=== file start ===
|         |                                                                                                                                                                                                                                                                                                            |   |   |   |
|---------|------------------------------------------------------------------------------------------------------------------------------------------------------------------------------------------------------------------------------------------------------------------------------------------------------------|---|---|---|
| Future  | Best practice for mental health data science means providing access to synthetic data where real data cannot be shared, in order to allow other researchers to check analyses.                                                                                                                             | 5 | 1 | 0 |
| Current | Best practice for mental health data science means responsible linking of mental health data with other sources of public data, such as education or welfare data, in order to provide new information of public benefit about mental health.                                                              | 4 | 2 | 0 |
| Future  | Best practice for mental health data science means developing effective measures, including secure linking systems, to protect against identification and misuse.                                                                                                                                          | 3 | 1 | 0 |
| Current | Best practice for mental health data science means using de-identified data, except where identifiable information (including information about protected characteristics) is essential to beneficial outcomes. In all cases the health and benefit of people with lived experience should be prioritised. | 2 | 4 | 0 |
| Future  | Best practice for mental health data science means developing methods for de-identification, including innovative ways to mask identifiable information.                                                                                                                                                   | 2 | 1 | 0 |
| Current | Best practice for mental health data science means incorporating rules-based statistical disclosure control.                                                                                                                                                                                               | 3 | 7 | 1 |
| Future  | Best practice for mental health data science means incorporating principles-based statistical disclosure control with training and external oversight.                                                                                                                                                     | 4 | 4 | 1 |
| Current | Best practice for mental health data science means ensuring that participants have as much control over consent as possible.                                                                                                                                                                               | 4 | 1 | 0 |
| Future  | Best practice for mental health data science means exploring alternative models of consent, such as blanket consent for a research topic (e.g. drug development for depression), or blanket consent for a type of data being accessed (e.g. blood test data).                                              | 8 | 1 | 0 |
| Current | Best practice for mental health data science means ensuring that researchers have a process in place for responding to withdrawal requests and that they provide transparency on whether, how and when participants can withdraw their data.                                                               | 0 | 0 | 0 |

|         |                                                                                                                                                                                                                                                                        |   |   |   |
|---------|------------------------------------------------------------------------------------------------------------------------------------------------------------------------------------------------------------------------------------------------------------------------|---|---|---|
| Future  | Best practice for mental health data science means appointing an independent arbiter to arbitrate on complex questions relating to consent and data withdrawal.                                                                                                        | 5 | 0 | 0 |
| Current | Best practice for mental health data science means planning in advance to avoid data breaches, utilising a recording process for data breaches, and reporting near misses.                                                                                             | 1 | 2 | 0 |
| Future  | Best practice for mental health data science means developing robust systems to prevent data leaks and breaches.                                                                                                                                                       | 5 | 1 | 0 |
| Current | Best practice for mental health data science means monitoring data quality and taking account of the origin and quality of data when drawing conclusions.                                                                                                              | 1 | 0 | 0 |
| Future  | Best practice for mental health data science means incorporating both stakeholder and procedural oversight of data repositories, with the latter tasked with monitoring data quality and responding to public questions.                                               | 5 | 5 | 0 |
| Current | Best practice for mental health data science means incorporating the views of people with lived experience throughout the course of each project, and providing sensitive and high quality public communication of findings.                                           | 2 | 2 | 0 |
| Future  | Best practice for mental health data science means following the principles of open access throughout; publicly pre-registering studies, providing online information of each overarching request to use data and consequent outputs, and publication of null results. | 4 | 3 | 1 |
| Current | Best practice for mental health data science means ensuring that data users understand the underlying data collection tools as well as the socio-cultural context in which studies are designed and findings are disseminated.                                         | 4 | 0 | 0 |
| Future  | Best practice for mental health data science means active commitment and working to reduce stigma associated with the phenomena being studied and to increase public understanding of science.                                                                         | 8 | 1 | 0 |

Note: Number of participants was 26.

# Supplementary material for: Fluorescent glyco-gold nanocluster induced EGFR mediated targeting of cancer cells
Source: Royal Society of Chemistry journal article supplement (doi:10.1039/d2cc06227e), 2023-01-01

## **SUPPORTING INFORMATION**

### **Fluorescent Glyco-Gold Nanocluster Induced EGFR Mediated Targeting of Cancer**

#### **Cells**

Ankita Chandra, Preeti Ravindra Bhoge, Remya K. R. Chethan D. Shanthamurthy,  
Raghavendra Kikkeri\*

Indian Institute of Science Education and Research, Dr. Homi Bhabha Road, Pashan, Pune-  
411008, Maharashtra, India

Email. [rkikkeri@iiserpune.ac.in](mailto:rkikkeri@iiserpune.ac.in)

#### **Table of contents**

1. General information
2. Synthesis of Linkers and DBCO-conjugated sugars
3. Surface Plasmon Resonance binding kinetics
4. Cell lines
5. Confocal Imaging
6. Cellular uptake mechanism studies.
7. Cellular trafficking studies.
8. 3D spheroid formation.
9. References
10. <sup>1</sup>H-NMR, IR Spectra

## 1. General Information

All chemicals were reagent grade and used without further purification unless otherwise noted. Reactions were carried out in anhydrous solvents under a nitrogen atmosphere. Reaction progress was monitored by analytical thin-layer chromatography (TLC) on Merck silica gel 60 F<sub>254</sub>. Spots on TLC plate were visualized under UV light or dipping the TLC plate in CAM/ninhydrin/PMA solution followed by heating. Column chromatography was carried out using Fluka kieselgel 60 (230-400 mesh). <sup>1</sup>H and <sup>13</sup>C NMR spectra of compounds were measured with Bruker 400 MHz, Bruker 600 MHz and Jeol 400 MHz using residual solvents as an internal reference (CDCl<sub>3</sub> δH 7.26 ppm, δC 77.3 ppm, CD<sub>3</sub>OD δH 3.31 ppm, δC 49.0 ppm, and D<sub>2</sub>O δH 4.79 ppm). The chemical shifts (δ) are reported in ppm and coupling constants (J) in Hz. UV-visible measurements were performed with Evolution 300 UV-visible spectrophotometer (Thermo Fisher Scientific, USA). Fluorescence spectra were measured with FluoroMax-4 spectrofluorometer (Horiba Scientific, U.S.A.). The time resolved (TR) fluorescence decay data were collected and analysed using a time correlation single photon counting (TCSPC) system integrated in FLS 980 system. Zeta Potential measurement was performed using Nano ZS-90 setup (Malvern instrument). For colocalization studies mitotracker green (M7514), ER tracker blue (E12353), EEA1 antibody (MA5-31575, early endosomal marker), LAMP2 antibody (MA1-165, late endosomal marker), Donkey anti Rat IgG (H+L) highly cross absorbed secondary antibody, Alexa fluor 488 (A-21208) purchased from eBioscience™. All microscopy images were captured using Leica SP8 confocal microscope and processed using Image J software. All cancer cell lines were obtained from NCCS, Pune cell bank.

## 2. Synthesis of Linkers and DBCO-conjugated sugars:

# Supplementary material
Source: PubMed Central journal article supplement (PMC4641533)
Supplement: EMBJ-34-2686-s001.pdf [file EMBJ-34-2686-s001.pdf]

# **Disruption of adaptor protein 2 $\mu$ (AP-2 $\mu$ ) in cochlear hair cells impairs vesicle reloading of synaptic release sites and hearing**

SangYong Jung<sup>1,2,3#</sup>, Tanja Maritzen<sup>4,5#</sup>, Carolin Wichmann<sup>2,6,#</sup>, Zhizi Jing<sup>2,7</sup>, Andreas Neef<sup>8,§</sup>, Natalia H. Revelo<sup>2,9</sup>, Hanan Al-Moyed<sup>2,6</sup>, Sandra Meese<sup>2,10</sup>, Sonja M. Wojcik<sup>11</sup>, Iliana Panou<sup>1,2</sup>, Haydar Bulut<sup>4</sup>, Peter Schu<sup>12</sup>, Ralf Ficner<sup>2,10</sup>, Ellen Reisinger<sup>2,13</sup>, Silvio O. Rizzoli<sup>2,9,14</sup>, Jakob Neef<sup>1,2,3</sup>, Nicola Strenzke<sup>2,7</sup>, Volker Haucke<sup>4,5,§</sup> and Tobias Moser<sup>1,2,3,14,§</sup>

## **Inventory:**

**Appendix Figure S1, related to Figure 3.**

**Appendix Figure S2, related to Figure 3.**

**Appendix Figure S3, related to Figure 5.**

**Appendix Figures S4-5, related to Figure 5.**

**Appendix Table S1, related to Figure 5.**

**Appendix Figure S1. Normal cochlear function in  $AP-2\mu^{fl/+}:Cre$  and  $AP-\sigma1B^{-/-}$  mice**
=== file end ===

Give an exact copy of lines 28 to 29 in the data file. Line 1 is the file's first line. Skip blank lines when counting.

### **Fluorescent Glyco-Gold Nanocluster Induced EGFR Mediated Targeting of Cancer**

#### **Cells**